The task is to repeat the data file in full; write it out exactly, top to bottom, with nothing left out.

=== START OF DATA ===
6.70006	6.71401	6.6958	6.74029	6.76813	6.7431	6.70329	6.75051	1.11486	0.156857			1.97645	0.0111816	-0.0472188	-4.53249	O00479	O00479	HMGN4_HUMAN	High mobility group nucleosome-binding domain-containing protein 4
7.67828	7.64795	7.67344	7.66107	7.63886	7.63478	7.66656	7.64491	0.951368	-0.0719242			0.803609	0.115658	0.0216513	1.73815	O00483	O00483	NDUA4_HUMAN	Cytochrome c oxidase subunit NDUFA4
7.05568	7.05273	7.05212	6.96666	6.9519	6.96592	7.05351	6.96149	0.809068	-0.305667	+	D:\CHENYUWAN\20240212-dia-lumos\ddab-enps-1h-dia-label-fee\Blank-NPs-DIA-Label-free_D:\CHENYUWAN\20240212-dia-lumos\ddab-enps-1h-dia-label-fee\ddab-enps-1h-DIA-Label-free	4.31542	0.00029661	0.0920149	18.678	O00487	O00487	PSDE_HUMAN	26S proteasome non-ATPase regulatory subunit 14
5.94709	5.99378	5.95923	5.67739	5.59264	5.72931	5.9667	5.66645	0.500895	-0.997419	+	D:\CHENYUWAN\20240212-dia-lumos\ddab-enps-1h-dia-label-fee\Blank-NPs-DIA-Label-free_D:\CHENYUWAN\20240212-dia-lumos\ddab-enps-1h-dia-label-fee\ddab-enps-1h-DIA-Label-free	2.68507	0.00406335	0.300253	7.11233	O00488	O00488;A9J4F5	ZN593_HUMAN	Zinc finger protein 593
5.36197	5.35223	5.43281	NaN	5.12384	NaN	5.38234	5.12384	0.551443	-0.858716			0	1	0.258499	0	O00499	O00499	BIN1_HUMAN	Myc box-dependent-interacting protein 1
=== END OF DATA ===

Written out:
6.70006	6.71401	6.6958	6.74029	6.76813	6.7431	6.70329	6.75051	1.11486	0.156857			1.97645	0.0111816	-0.0472188	-4.53249	O00479	O00479	HMGN4_HUMAN	High mobility group nucleosome-binding domain-containing protein 4
7.67828	7.64795	7.67344	7.66107	7.63886	7.63478	7.66656	7.64491	0.951368	-0.0719242			0.803609	0.115658	0.0216513	1.73815	O00483	O00483	NDUA4_HUMAN	Cytochrome c oxidase subunit NDUFA4
7.05568	7.05273	7.05212	6.96666	6.9519	6.96592	7.05351	6.96149	0.809068	-0.305667	+	D:\CHENYUWAN\20240212-dia-lumos\ddab-enps-1h-dia-label-fee\Blank-NPs-DIA-Label-free_D:\CHENYUWAN\20240212-dia-lumos\ddab-enps-1h-dia-label-fee\ddab-enps-1h-DIA-Label-free	4.31542	0.00029661	0.0920149	18.678	O00487	O00487	PSDE_HUMAN	26S proteasome non-ATPase regulatory subunit 14
5.94709	5.99378	5.95923	5.67739	5.59264	5.72931	5.9667	5.66645	0.500895	-0.997419	+	D:\CHENYUWAN\20240212-dia-lumos\ddab-enps-1h-dia-label-fee\Blank-NPs-DIA-Label-free_D:\CHENYUWAN\20240212-dia-lumos\ddab-enps-1h-dia-label-fee\ddab-enps-1h-DIA-Label-free	2.68507	0.00406335	0.300253	7.11233	O00488	O00488;A9J4F5	ZN593_HUMAN	Zinc finger protein 593
5.36197	5.35223	5.43281	NaN	5.12384	NaN	5.38234	5.12384	0.551443	-0.858716			0	1	0.258499	0	O00499	O00499	BIN1_HUMAN	Myc box-dependent-interacting protein 1